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Most businesses either shut down temporarily or sent all their employees home to telework by mid-March of this year. By the time you read this, Americans will have been working from home for more than three months. This has never happened before in this country during the age of technology. As millions of Americans logged on to their home networks and personal desktops, laptops, tablets and mobile phones in an attempt to keep their companies afloat, cybersecurity issues rose to the forefront of the many issues that companies had to manage. Many corporations, and law firms in particular, have already suffered breaches. Many are unaware that a breach has even occurred. American industry was not and is still not adequately prepared for this transition. The responsibility to keep corporate and client data safe is shared by the company and the employee.
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A new administration in the U.S., ransomware, ALSPs, new regulations in the U.S. and abroad, and the long-lasting impact of working remotely are just some of the factors that respondents say will factor in to how law firms need to prepare for 2021.
By Debra Baker
Working from home and other social distancing limitations forced even the most reluctant lawyers to embrace new ways of working and connecting with clients in ways that will long outlast the pandemic. With a new year and fresh outlook for the future, the time is ripe for legal technologists and innovators to take the delivery of legal services and client experience to the next level.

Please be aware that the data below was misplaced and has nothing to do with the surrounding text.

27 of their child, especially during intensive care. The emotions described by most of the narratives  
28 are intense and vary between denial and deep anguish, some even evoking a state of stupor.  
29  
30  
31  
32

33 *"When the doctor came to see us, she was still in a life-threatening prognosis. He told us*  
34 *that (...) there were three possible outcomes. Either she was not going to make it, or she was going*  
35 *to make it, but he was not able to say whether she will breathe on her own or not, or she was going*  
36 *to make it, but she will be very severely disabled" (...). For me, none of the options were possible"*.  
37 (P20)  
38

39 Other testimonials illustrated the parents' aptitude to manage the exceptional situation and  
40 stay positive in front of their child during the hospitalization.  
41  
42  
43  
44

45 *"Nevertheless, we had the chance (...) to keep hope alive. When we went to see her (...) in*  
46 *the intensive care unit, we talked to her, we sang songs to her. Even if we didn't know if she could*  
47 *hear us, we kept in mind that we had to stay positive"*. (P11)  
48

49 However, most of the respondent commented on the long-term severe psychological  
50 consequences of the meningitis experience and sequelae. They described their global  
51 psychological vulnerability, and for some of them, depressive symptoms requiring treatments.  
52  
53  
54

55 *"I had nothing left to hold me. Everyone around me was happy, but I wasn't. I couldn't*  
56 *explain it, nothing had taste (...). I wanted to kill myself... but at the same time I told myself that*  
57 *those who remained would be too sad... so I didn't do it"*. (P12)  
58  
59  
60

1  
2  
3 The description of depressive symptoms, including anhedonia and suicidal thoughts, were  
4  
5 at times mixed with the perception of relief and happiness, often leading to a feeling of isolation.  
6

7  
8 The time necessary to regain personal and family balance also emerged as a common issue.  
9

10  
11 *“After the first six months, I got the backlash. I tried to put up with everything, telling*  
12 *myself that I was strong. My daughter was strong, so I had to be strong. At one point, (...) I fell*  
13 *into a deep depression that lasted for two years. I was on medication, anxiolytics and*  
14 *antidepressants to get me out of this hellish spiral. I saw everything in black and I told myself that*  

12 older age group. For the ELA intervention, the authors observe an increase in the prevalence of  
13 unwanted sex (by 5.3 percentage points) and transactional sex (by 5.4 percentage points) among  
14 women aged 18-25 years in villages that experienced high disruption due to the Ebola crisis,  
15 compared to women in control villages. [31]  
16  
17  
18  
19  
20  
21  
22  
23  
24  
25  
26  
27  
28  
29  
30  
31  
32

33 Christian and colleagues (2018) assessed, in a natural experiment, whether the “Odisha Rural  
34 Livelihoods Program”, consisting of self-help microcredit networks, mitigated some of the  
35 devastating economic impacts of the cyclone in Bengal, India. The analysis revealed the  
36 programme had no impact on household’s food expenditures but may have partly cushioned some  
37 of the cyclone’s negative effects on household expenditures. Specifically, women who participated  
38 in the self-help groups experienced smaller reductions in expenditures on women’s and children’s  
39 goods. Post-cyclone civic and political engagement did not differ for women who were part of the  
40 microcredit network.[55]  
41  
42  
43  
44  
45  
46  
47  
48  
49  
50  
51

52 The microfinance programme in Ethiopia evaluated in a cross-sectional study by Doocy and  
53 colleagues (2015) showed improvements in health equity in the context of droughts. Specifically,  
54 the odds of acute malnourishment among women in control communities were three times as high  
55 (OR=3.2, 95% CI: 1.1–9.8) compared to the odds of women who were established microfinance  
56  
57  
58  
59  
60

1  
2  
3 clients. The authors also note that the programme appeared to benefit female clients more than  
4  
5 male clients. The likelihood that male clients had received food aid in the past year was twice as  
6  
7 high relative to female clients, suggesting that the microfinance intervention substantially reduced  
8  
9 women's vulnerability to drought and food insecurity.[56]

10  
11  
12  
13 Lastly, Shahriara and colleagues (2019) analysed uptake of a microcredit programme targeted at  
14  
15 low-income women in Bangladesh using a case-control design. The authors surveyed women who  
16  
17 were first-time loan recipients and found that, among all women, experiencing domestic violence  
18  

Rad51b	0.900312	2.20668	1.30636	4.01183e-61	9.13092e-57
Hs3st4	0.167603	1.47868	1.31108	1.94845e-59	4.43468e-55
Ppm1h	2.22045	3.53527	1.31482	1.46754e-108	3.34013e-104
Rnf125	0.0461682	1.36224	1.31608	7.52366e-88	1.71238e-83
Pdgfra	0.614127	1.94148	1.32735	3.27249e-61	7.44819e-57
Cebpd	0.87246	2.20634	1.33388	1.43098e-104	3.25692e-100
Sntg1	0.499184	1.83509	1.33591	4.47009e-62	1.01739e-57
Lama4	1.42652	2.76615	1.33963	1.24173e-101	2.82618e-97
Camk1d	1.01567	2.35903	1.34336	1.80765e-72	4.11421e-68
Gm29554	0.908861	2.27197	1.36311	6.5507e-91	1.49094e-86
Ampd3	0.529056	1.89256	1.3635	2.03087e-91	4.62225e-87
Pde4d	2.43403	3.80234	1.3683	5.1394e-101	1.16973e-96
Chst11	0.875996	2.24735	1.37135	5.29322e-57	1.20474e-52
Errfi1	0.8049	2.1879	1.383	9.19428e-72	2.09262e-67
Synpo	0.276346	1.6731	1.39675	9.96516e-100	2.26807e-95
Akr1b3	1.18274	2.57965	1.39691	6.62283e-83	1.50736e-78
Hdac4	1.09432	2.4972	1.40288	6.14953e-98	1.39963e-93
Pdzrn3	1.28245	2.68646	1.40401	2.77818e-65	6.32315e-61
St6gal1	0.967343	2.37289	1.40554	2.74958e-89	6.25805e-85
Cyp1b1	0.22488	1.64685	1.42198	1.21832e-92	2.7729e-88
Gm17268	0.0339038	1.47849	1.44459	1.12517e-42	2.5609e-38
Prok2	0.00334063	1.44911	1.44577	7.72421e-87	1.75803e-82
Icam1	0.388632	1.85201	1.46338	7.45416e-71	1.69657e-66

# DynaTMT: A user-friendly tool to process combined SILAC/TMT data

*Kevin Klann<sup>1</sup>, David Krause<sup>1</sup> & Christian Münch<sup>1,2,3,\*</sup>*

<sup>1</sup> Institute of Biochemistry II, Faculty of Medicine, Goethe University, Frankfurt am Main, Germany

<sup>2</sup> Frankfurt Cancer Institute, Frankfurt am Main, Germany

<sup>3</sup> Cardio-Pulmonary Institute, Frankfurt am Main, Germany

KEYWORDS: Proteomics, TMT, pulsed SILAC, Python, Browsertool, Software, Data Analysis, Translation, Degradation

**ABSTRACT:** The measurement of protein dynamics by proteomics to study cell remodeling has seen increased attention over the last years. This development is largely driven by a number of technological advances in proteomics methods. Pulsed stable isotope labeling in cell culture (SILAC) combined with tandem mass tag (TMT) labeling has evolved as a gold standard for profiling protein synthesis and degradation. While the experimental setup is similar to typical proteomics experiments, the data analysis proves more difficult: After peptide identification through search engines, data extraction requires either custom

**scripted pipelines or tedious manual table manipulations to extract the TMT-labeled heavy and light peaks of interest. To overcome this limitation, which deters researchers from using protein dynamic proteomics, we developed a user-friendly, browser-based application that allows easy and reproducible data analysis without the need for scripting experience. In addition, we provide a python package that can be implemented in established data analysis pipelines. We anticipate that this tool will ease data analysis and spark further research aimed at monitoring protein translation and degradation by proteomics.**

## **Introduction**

By Gwendolyn Seale
Part One of a Two Part Article
While the livestreaming of music performances is not an entirely new phenomenon, the COVID crisis has transformed the live performance landscape, compelling artists from around the world to reach their fanbase by producing “quarantine streams,” in which they livestream their sets on social media platforms. Given this sudden pivot to livestreaming over social media, unsurprisingly many questions have arisen.
By Krishnan Nair
Say Hello to the Digital Services Act.